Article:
Tovo Connection

A letter to Council Member Kathie Tovo about Connections 2025.


The subsidy per passenger for current CapMetro services.

Dear Council Member Tovo,

CapMetro’s new service plan – Connections 2025 – shifts the agency towards a network of frequent services and away from a collection of legacy routes that over-emphasize geographic coverage.  This is a good first step in enhancing CapMetro’s operational productivity as it seeks to stem continuing ridership declines.

However, the current draft plan raises several concerns.

The plan potentially continues the agency’s embrace of a malfunctioning form of “regionalism” that asks Austin to disproportionately shoulder the burden of solving the mobility problems created by the land use choices of suburban jurisdictions. This is unfair and an unproductive use of CapMetro’s operating budget.

The plan’s consultants have indicated that the Austin-focused part of the redesign essentially pays for itself through elimination of redundant bus routes coupled with bus schedule compression. New regional services such as additional frequency on the Red Line, park-and-rides, suburban-focused “Express” routes, and the much-discussed I-35 “Regional Connector” bus service will capture a growing share of future CapMetro operating budgets.

As the Connections 2025 analysis makes clear, these regional services require higher per-rider subsidies.  Depending on the implementation, CapMetro’s new service design could end up with a substantial net shift in operational dollars away from the most productive areas for ridership (i.e. Austin’s core, UT, and other dense residential areas) and into very unproductive suburban commuter services.

It is my hope that Austin’s City Council will shape the implementation of the new service plan both through the use of its appointees on CapMetro’s board and its control of the right-of-way that CapMetro’s buses operate on. Below are the specific policy changes I hope your office will encourage City Council members to pursue.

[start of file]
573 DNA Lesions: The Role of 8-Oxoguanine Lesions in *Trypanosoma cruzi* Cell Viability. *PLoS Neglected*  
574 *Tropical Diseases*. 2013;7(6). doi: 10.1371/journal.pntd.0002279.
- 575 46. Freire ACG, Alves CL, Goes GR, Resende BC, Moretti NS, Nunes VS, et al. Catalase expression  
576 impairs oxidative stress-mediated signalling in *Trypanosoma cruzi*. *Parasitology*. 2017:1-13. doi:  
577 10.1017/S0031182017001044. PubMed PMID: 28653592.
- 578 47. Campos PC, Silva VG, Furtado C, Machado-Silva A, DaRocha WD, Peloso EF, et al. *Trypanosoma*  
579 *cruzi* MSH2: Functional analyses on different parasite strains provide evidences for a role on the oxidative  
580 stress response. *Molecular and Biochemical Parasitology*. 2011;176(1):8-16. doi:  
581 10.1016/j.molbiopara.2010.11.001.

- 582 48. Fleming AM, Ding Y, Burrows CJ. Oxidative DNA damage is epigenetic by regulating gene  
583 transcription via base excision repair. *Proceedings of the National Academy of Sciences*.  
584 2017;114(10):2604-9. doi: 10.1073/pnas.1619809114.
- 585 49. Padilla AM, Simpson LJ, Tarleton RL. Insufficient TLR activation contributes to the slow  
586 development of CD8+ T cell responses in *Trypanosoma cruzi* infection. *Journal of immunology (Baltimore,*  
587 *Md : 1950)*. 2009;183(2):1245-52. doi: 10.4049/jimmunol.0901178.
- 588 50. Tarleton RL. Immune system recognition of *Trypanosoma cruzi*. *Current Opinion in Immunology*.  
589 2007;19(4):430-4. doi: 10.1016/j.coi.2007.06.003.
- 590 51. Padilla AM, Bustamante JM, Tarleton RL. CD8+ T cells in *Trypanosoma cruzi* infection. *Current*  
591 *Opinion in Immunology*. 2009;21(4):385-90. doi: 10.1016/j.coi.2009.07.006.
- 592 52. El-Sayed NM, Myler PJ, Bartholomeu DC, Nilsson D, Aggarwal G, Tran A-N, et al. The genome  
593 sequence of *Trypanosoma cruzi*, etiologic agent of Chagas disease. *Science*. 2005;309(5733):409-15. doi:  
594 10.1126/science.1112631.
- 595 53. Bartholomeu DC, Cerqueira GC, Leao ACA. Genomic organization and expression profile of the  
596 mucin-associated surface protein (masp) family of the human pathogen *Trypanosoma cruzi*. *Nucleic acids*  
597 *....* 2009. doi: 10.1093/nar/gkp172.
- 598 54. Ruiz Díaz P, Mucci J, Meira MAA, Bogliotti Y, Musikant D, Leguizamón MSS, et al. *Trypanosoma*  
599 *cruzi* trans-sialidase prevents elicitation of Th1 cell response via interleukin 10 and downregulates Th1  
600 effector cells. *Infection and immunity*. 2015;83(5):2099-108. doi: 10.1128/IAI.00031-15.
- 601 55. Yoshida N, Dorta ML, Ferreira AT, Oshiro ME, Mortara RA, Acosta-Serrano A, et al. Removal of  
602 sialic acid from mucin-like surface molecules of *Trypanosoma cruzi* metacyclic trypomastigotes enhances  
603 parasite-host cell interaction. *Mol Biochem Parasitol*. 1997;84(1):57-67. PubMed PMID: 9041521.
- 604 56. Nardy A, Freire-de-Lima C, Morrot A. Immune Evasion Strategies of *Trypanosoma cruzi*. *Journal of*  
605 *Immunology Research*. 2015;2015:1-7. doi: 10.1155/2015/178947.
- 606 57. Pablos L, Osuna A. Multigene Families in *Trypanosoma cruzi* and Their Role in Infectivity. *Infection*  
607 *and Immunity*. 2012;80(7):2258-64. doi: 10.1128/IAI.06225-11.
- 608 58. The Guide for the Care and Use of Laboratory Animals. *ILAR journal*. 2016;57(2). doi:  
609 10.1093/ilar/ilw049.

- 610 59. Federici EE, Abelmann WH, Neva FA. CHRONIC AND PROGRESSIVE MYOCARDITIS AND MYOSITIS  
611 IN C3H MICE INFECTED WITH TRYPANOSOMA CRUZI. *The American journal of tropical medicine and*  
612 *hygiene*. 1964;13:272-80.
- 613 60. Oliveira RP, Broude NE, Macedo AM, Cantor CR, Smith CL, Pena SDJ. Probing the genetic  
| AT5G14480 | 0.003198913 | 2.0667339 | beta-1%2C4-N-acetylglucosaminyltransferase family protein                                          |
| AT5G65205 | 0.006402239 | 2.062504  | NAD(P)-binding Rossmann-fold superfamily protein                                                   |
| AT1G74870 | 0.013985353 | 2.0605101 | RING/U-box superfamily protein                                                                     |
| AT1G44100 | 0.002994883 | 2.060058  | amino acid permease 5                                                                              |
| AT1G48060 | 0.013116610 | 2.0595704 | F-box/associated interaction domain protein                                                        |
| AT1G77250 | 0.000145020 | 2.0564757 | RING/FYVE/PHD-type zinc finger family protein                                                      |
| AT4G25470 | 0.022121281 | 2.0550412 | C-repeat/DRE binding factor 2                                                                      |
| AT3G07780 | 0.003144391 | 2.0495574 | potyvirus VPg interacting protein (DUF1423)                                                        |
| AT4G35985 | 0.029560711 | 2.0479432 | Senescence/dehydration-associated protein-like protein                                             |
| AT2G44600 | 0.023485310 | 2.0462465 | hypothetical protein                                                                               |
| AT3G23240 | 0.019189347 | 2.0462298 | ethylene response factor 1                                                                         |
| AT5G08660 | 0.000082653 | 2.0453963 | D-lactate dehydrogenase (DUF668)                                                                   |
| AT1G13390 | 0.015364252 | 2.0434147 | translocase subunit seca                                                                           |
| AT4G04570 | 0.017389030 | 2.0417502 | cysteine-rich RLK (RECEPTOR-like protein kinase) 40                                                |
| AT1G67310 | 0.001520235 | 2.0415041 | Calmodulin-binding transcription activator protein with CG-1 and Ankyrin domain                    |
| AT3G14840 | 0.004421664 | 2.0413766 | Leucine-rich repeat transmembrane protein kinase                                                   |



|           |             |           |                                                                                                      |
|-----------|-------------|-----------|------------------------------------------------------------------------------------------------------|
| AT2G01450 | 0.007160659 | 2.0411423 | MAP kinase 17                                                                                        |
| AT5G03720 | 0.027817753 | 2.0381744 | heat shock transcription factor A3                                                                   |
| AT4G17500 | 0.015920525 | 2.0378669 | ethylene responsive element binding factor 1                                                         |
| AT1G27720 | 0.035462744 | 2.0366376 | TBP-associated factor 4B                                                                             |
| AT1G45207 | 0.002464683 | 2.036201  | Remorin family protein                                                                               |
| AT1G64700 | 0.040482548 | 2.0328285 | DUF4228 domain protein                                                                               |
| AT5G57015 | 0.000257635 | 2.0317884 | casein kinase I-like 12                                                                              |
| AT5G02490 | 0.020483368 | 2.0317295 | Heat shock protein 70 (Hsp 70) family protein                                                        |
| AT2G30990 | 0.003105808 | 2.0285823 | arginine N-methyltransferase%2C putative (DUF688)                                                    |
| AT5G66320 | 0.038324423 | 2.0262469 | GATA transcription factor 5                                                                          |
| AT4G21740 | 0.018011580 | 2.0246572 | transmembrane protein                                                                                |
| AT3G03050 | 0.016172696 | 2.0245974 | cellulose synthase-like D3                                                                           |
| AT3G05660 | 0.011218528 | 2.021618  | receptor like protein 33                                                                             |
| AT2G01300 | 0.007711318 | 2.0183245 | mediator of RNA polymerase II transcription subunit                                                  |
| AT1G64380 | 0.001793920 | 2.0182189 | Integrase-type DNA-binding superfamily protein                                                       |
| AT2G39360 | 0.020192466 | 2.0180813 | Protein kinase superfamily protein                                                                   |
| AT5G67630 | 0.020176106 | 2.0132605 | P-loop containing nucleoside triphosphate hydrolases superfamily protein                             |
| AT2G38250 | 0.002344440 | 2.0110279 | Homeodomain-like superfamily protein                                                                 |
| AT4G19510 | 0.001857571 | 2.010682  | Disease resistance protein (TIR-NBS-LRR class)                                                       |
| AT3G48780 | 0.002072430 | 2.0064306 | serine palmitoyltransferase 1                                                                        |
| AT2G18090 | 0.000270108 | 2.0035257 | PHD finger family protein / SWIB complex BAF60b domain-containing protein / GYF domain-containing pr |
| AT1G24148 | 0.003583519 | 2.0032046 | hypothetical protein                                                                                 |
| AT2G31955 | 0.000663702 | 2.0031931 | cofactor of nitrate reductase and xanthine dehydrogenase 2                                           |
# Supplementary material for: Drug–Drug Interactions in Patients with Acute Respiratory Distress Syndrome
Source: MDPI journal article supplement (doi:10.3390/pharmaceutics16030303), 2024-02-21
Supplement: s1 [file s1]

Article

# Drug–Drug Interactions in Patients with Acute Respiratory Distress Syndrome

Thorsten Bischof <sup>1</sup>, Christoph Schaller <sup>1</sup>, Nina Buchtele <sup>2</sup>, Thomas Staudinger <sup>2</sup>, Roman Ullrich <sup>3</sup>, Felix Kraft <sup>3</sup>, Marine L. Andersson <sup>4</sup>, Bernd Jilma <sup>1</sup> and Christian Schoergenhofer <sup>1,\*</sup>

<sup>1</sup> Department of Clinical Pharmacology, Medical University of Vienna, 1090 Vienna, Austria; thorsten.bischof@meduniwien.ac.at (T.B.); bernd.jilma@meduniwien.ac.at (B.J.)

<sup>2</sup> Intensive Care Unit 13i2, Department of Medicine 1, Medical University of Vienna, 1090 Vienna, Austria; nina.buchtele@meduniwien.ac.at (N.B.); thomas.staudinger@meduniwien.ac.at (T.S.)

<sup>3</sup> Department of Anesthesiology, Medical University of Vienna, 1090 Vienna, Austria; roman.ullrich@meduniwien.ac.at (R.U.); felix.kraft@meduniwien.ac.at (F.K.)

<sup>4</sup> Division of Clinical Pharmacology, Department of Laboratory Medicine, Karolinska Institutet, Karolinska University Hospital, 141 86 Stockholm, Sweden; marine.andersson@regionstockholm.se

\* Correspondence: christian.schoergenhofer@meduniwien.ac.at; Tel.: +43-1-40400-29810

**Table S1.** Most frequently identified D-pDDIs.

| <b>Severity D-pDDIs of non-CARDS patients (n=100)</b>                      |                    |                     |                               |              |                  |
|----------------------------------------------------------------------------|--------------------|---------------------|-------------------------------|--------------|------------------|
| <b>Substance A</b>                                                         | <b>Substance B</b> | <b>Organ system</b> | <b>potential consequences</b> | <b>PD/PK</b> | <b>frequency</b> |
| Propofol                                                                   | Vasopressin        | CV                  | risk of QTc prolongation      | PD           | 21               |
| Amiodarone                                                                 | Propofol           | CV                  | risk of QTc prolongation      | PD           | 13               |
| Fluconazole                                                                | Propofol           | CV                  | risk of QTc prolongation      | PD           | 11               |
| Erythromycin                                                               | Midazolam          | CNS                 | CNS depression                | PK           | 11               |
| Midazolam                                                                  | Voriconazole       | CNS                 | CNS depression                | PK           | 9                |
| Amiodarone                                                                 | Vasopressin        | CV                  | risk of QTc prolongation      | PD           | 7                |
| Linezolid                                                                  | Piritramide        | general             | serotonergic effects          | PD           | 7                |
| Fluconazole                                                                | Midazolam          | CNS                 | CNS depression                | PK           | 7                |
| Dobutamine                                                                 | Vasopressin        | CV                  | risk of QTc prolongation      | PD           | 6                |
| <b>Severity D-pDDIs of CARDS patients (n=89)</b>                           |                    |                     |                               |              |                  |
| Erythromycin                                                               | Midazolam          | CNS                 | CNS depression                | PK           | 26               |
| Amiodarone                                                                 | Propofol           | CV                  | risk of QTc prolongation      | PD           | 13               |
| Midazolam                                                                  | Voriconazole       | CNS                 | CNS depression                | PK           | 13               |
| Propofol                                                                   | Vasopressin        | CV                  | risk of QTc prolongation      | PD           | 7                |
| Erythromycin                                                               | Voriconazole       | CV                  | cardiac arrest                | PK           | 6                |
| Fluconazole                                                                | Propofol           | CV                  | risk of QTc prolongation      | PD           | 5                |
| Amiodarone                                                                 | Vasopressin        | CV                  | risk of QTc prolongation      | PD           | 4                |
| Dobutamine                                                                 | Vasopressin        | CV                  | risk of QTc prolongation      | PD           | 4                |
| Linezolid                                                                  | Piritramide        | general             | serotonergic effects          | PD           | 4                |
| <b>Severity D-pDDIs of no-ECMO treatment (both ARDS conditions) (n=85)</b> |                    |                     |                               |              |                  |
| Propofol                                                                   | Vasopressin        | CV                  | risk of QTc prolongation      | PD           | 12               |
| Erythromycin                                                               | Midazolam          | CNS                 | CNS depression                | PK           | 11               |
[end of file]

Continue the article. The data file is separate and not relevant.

Tolls for Transit. Council’s appointees should vote against any service plans or CapMetro budgets that include regional services that are funded from conventional sales tax dollars. Instead, these services should be funded through a direct transfer from the Central Texas Regional Mobility Authority’s (CTRMA) revenues.

Red Line in the Black.  Council appointees to CapMetro should pursue an increase in Red Line fares until service demand matches available seating capacity and frequency; any additional future frequency should be paid for by CTRMA revenue transfers.

Transit Lane Policy. The City Manager and transportation staff should develop – and Council adopt – a transit dedicated lane policy that augments the proposed network for services that primarily serve Austin. Austin’s city street right-of-way should not be available to CapMetro bus vehicles providing regional services until the authority amends their budget to fund regional services without general sales tax revenue.

Open the Stop Placement Black Box. Perhaps the most important implementation choices for the new plan will be stop placement. If bus stops are too far apart, ridership suffers because bus services are too far to be conveniently accessed.  Place them too close together, and ridership is hurt because the travel speed of the bus is slowed too much by the constant loading and unloading of passengers. City Council should request that CapMetro’s consultants and staff “show their work” in explaining how they balanced existing industry rules-of-thumb, community input, and their own data-driven calculations.  Simply presenting a near-final map of stops and making adjustments based on “squeaky wheels” in the community is not enough.

AustinMetro. Concurrent with improving Connections 2025, Austin City Council should conduct an independent study evaluating the possibility of exiting CapMetro and forming a transit service authority exclusively-focused on Austin.  The status quo governance structure at CMTA, CAMPO, and CTRMA greatly undermines Austin’s ability to productively use its sales tax dollars for transit. The status quo’s predatory regionalism is clearly not working to solve Austin mobility issues and greatly under-represents the most transit-productive neighborhoods and commercial districts in our region, many of which are in our Council district.

Thank you for considering these suggestions and for the work you do on behalf of District 9.

Thanks for reading Keep Austin Wonky.  Want to make a comment? Tweet at the author or comment on Facebook.





This entry was posted in Transit. Bookmark the permalink.